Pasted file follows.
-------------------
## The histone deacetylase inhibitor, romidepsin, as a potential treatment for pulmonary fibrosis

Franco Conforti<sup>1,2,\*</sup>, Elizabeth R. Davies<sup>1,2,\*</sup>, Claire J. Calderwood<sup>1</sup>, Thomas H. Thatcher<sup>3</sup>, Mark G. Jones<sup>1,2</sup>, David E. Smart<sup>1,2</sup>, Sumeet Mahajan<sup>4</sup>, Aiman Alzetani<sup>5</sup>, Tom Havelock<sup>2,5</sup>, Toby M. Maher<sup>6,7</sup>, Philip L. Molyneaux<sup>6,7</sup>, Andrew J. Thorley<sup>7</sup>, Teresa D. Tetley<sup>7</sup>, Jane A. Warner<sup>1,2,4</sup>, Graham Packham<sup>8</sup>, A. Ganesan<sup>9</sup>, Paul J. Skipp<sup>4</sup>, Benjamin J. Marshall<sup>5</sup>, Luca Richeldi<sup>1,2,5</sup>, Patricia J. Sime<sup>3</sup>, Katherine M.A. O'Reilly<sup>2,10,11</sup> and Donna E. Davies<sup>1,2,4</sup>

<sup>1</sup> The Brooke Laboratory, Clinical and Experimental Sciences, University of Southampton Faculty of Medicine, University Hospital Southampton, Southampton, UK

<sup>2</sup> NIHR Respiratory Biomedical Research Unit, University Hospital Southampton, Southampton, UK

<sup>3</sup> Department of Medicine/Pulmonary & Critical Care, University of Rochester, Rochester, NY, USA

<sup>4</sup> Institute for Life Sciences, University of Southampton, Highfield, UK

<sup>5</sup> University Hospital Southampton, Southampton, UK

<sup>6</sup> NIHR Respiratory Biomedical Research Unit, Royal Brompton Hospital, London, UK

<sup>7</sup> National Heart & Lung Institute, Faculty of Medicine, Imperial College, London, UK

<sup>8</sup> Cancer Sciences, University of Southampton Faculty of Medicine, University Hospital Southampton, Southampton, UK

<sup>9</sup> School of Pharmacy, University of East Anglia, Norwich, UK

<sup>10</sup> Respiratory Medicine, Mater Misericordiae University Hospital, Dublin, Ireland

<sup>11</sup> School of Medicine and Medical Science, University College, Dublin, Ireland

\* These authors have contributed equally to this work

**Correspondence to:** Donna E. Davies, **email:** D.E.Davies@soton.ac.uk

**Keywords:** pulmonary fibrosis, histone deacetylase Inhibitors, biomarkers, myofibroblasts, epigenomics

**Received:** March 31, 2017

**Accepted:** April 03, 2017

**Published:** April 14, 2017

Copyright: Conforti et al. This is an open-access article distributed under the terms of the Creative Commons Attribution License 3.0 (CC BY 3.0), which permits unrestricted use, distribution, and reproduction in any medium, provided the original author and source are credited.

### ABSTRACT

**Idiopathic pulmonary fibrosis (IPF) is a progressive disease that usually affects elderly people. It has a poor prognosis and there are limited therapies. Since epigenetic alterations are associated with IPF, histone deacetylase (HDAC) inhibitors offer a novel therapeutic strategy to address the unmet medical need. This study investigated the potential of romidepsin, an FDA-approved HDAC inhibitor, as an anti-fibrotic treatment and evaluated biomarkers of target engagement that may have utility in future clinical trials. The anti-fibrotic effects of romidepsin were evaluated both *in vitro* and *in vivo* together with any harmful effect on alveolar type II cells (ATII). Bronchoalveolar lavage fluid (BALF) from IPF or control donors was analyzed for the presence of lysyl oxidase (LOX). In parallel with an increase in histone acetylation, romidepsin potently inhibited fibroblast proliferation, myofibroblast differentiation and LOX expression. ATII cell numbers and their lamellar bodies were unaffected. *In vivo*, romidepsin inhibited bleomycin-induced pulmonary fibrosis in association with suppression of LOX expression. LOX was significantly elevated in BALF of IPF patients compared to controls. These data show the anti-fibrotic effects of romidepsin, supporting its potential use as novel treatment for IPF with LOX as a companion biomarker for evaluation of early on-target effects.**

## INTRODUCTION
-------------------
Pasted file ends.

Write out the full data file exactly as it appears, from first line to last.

## The histone deacetylase inhibitor, romidepsin, as a potential treatment for pulmonary fibrosis

Franco Conforti<sup>1,2,\*</sup>, Elizabeth R. Davies<sup>1,2,\*</sup>, Claire J. Calderwood<sup>1</sup>, Thomas H. Thatcher<sup>3</sup>, Mark G. Jones<sup>1,2</sup>, David E. Smart<sup>1,2</sup>, Sumeet Mahajan<sup>4</sup>, Aiman Alzetani<sup>5</sup>, Tom Havelock<sup>2,5</sup>, Toby M. Maher<sup>6,7</sup>, Philip L. Molyneaux<sup>6,7</sup>, Andrew J. Thorley<sup>7</sup>, Teresa D. Tetley<sup>7</sup>, Jane A. Warner<sup>1,2,4</sup>, Graham Packham<sup>8</sup>, A. Ganesan<sup>9</sup>, Paul J. Skipp<sup>4</sup>, Benjamin J. Marshall<sup>5</sup>, Luca Richeldi<sup>1,2,5</sup>, Patricia J. Sime<sup>3</sup>, Katherine M.A. O'Reilly<sup>2,10,11</sup> and Donna E. Davies<sup>1,2,4</sup>

<sup>1</sup> The Brooke Laboratory, Clinical and Experimental Sciences, University of Southampton Faculty of Medicine, University Hospital Southampton, Southampton, UK

<sup>2</sup> NIHR Respiratory Biomedical Research Unit, University Hospital Southampton, Southampton, UK

<sup>3</sup> Department of Medicine/Pulmonary & Critical Care, University of Rochester, Rochester, NY, USA

<sup>4</sup> Institute for Life Sciences, University of Southampton, Highfield, UK

<sup>5</sup> University Hospital Southampton, Southampton, UK

<sup>6</sup> NIHR Respiratory Biomedical Research Unit, Royal Brompton Hospital, London, UK

<sup>7</sup> National Heart & Lung Institute, Faculty of Medicine, Imperial College, London, UK

<sup>8</sup> Cancer Sciences, University of Southampton Faculty of Medicine, University Hospital Southampton, Southampton, UK

<sup>9</sup> School of Pharmacy, University of East Anglia, Norwich, UK

<sup>10</sup> Respiratory Medicine, Mater Misericordiae University Hospital, Dublin, Ireland

<sup>11</sup> School of Medicine and Medical Science, University College, Dublin, Ireland

\* These authors have contributed equally to this work

**Correspondence to:** Donna E. Davies, **email:** D.E.Davies@soton.ac.uk

**Keywords:** pulmonary fibrosis, histone deacetylase Inhibitors, biomarkers, myofibroblasts, epigenomics

**Received:** March 31, 2017

**Accepted:** April 03, 2017

**Published:** April 14, 2017

Copyright: Conforti et al. This is an open-access article distributed under the terms of the Creative Commons Attribution License 3.0 (CC BY 3.0), which permits unrestricted use, distribution, and reproduction in any medium, provided the original author and source are credited.

### ABSTRACT

**Idiopathic pulmonary fibrosis (IPF) is a progressive disease that usually affects elderly people. It has a poor prognosis and there are limited therapies. Since epigenetic alterations are associated with IPF, histone deacetylase (HDAC) inhibitors offer a novel therapeutic strategy to address the unmet medical need. This study investigated the potential of romidepsin, an FDA-approved HDAC inhibitor, as an anti-fibrotic treatment and evaluated biomarkers of target engagement that may have utility in future clinical trials. The anti-fibrotic effects of romidepsin were evaluated both *in vitro* and *in vivo* together with any harmful effect on alveolar type II cells (ATII). Bronchoalveolar lavage fluid (BALF) from IPF or control donors was analyzed for the presence of lysyl oxidase (LOX). In parallel with an increase in histone acetylation, romidepsin potently inhibited fibroblast proliferation, myofibroblast differentiation and LOX expression. ATII cell numbers and their lamellar bodies were unaffected. *In vivo*, romidepsin inhibited bleomycin-induced pulmonary fibrosis in association with suppression of LOX expression. LOX was significantly elevated in BALF of IPF patients compared to controls. These data show the anti-fibrotic effects of romidepsin, supporting its potential use as novel treatment for IPF with LOX as a companion biomarker for evaluation of early on-target effects.**

## INTRODUCTION